BENGALURU: The armed forces must be prepared for the long haul at Doklam given that China is unlikely to end the stand-off on India’s terms, observed experts who have been analysing Beijing’s foreign policy and military strategies.
N Parthasarthi, former Consul General (of India) in San Francisco, said: “If you look at the language Beijing is using and analyse the way China has operated in the region in the past 10-20 years, it becomes clear what its stand could be. Even in 1986-87, when China entered Arunachal Pradesh, our armed forces flew in troops to confront it. It took us a good seven years before the troops were withdrawn.”
He said that China knows its economic strength and uses military to win over disputed lands and ensure dominance. On the other hand, India, which is also a growing economic power, employs a strategy dictated by the principles of democracy that involves diplomatic ties and negotiations.
“Even a limited skirmish will be disastrous for both the countries as it will be difficult to control. The conflict may not remain restricted to Doklam, but could spread to Jammu and Kashmir and other areas as well. The fact that this time around it won’t just be a land war must be considered,” Parthasarathi said.
Series of lies
Although China is well aware of this and is smart enough to not start anything, it has cornered itself with its over-aggressive stance on the issue, he says.
“First China moves into a disputed area claimed by Bhutan and when India steps in to stand by its ally, China falsely accuses it of moving into its territory. There have been 24 meetings between China and Bhutan over the territory,” he pointed out.
When India did not succumb, Beijing claimed that it had informed the Indian government about its plans to construct a road in the territory and that the latter did not raise any objections.
“Now, if it was Chinese territory, why would China write to India? It was a lie,” Parthasarathi said, adding that strategically India cannot afford to let the Chinese occupy the area as it is dangerously close to the Siliguri Corridor.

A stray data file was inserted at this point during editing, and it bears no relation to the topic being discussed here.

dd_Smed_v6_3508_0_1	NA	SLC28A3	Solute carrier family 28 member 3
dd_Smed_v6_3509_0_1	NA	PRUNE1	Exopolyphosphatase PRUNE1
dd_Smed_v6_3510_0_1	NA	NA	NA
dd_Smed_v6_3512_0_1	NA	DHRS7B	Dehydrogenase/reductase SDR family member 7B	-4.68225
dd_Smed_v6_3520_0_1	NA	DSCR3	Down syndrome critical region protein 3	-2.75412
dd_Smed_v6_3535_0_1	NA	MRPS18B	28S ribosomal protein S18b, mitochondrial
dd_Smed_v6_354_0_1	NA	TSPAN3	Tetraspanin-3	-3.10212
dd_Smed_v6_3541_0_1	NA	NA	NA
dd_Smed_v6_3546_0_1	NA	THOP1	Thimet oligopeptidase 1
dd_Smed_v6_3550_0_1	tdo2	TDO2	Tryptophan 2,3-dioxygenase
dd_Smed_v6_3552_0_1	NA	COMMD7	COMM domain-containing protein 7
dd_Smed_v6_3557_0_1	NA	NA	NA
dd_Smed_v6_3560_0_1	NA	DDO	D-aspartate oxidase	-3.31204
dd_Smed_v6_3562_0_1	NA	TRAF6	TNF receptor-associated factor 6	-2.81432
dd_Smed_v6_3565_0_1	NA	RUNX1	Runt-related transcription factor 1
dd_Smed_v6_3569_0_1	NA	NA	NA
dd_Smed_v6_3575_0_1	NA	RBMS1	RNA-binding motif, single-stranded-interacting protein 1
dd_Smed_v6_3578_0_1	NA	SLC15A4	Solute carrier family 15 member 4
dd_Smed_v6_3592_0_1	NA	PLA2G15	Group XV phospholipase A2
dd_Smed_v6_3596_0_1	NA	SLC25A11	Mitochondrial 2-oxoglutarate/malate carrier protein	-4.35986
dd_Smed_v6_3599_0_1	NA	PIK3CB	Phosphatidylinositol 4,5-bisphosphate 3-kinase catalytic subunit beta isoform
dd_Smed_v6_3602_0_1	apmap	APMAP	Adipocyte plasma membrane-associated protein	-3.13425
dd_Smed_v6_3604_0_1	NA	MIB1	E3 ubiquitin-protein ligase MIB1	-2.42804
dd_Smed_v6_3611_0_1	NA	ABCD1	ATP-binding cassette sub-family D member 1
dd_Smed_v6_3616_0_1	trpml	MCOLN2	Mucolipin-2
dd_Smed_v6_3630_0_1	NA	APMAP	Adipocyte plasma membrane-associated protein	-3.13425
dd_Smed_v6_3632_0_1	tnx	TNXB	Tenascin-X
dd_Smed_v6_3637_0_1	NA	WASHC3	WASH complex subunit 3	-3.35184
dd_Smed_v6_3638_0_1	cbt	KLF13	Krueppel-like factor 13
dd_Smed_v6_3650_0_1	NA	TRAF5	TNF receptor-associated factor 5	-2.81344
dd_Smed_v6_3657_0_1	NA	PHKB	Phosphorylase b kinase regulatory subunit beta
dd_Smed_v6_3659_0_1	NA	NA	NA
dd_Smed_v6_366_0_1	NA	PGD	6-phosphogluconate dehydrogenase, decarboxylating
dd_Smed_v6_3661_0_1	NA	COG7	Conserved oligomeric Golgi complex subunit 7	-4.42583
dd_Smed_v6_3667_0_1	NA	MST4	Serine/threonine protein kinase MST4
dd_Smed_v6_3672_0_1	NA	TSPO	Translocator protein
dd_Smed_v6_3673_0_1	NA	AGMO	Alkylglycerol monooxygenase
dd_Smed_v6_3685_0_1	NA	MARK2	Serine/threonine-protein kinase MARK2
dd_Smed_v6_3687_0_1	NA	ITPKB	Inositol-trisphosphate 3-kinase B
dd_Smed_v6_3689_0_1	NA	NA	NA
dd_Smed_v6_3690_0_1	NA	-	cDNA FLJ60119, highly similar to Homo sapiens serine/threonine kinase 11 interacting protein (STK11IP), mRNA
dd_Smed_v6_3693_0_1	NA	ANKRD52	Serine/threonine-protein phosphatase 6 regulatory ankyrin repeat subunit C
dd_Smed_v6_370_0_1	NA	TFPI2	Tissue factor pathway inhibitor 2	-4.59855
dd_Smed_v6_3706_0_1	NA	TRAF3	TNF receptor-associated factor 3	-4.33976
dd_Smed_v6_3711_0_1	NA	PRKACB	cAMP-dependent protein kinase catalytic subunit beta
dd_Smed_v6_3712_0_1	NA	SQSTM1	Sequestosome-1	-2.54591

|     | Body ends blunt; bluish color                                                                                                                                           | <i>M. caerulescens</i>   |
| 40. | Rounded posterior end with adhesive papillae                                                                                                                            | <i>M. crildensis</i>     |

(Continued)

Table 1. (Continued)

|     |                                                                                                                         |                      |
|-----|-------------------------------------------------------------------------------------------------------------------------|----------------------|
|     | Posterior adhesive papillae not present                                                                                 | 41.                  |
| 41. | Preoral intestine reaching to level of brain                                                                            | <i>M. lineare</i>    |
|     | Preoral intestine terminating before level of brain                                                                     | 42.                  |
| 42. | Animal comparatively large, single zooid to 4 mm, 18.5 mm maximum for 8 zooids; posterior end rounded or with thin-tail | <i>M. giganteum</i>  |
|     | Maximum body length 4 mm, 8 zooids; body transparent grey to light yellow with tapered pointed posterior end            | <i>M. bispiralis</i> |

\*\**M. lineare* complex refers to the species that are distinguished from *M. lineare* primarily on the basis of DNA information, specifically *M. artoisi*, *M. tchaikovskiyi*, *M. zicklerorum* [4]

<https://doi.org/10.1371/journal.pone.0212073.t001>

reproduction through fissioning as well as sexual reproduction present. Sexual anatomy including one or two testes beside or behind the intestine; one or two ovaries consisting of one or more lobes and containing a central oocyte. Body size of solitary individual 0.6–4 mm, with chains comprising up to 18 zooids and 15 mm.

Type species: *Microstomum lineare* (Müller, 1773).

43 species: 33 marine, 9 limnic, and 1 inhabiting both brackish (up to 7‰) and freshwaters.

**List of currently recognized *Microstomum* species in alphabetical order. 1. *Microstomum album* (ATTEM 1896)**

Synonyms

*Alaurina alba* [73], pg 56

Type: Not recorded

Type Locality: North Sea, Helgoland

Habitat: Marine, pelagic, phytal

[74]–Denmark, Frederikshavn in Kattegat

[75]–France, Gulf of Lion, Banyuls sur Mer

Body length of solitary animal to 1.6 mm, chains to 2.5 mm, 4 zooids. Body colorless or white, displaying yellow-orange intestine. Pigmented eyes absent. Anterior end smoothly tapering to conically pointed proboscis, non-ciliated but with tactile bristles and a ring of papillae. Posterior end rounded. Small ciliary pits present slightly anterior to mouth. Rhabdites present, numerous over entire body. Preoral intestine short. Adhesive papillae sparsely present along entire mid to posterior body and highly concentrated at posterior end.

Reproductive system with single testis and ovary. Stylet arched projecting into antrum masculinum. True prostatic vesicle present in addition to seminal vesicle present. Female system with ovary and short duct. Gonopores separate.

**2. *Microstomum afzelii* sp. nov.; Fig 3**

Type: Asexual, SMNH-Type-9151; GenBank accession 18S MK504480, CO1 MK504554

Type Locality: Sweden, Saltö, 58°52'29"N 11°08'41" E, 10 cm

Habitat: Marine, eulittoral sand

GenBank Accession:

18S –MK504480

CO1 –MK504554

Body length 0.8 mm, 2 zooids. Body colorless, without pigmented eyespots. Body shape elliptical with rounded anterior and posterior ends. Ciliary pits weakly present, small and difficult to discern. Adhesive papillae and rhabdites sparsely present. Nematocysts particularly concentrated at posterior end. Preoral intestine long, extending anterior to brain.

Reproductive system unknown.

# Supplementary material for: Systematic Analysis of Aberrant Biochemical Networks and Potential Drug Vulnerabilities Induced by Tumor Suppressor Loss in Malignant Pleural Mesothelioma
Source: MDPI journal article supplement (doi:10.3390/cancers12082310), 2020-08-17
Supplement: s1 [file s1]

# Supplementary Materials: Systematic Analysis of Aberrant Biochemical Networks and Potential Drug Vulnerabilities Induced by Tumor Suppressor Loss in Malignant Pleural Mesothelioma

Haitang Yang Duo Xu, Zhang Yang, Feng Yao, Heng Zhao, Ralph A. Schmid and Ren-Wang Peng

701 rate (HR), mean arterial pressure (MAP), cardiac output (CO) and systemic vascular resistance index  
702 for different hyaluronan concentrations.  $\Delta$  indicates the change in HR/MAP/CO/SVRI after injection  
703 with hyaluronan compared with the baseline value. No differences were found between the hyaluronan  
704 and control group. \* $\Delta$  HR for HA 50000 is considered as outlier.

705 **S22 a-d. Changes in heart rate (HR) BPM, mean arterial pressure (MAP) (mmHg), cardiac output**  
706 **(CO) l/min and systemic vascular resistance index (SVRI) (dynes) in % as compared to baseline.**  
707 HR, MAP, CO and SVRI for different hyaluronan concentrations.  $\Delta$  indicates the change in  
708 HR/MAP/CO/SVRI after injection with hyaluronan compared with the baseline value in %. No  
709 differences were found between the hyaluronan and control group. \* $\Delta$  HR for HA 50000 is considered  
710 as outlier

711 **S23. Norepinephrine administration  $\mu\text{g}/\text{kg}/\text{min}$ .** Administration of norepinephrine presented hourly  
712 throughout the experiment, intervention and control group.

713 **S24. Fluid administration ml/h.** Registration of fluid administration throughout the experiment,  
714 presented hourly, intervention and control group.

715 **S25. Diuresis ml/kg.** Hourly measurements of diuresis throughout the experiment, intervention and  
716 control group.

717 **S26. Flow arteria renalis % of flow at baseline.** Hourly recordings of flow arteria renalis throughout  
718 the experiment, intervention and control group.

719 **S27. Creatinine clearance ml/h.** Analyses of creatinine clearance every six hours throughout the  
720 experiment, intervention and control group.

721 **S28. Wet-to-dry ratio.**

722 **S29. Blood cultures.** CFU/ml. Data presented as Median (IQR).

Siliguri Corridor, or the ‘Chicken’s Neck’ is the only way the Indian mainland can connect with the northeast. “China’s plan is to eventually move down from Doklam into the Chicken’s Neck, cut off India from the northeast and encourage groups to seek independence,” he asserted.
Lt Gen (retd) VM Patil, a 1962 veteran said: “Not just seven years, the Army is well equipped to stay in Doklam for 70 years.”
Arguing that the forces are well-prepared now compared to 1962 when the government decided against the use of Air Force, he said: “Our pilots are much better and well-prepared than theirs. Chinese pilots haven’t fired in anger since 1953. This adds to the confidence of the Army, and I am certain that we can stay there for as long as the government wants.”
Other experts also opined that the 19th National Congress of the Communist Party next year — where President Xi Jinping will make a pitch for a second term — makes this issue more important. “He cannot be seen losing to India, which China considers inferior,” one of them said.
Parthasarathi added: “The matter must be resolved without a war but since it has assumed too much importance for China, both internally and externally (it will send a message to other countries), they would not want to lose face. India must be open to allow China to save some face and end the matter gradually.”